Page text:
THE DESIGN OFFICE 13
done to put the system on a sound basis. One well-known firm of engineers,
of no great eminence fifteen or twenty years ago, created at the time quite
a large costing and estimating department, thoroughly examined all the
processes of production, tested the capacity and efficiency of machines, and
installed new ones where necessary, so that now these departments work
like clockwork, and costs, the firm claims, can be known almost to a penny,
with the result that even in very bad periods the firm is practically never idle.
It has reduced costs to a minimum, and is able to meet successfully the com-
petitive market prices.
The Design Office
Closely related to the estimating office is the design office, or, as some
large firms prefer to call it, the scientific department. This is a department
that only exists as a separate entity in large progressive, up-to-date establish-
ments whose line of business is largely influenced by fresh theory and inven-
tions and is dependent on experimental research. It comes to mature growth
where large prime movers are manufactured, or very variable structures such
as ships are built. The same need does not arise in structural steelwork,
for instance, though many large structural steel firms do maintain such an
office. In such cases they are used largely as estimating offices, and it is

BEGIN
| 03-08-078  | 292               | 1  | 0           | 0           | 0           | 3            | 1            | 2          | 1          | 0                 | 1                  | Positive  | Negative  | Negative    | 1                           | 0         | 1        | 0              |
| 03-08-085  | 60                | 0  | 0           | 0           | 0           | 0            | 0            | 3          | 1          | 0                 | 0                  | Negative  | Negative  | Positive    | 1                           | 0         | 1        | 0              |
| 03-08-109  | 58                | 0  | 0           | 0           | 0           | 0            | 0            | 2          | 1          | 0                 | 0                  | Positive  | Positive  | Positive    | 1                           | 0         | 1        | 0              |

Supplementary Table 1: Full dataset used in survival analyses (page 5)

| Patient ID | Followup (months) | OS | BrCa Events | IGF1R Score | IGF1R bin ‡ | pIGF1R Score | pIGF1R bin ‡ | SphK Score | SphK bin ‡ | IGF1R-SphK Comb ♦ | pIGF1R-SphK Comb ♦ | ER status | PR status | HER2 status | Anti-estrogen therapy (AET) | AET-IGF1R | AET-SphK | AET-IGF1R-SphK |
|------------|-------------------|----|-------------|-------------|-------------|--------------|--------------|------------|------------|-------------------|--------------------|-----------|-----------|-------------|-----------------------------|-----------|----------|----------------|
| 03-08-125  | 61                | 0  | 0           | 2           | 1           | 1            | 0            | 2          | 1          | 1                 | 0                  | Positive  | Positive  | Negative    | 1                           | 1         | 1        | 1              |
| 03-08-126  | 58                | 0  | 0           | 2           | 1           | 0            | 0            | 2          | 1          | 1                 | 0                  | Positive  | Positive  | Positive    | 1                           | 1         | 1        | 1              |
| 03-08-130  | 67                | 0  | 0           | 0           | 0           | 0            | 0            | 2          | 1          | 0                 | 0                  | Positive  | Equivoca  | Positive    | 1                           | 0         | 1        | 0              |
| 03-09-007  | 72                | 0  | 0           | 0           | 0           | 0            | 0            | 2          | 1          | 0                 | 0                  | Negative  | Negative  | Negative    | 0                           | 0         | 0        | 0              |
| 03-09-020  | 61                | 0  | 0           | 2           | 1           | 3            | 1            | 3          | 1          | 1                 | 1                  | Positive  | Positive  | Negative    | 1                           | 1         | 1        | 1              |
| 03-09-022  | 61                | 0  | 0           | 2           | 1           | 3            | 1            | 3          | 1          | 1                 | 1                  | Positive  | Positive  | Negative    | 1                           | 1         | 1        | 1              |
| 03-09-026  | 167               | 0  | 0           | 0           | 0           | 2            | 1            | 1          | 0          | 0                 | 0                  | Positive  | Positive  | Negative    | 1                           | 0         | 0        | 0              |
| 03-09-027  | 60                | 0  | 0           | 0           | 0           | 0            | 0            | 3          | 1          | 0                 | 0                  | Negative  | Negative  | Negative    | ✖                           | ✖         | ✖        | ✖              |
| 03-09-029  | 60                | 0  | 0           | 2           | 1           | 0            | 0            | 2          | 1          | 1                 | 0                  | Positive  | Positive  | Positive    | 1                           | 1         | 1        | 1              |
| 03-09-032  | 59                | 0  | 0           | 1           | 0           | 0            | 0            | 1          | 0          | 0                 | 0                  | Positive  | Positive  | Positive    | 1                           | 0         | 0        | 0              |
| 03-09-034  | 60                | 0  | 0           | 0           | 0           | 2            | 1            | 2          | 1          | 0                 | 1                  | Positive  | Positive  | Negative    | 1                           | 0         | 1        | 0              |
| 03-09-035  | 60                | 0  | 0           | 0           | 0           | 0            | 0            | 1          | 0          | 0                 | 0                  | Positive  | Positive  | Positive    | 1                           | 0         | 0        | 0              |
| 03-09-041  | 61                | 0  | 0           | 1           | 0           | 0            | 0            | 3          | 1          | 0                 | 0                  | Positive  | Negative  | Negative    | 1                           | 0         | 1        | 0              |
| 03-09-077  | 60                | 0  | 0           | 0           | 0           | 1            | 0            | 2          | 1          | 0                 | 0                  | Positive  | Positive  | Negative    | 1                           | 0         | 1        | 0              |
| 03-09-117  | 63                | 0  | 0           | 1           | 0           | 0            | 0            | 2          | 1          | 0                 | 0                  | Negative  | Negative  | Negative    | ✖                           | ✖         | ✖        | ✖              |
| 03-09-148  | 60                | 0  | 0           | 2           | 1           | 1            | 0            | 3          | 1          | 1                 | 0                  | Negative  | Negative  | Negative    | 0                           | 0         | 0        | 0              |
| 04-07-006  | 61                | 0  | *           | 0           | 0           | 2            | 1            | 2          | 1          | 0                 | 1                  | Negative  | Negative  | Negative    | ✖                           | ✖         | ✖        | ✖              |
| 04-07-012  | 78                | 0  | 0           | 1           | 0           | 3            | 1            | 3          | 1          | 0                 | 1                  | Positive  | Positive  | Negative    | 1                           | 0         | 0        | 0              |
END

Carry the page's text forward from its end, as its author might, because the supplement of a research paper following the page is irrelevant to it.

probably in this direction, rather than in that of research, that their main
Technical Questions dealt with.—The design office is usually much
smaller than the detail office, and has its own departmental head. It is the
function of this office to prepare the original drafts and sketches for new
work; to estimate the quantities of material required; to ascertain how far
specified requirements can be met. When the main lines of design have
been sketched out, the quantities are estimated, and technical questions,
such as stability, if the job is the building of a ship, are looked into.
This office, working in close conjunction with the estimating office, will
prepare the tender drawings and sketches, and will generally feed the esti-
mating office with fairly detailed technical information. If the contract be
placed, the design office will lay down the main outlines of the job, and will
generally fix the principal dimensions and scantlings, calculate stresses on
parts, and tabulate them in an easily accessible form.
Stress-book.—The stress-book is a highly desirable and valuable
record. It should be kept as part of the office work and completely up-
to-date by the checker or section leader. If this book be not kept regularly
and carefully, the very valuable comparative data kept by the individual
draughtsman may be utterly lost to the firm, if such an individual should
cease to be employed with them.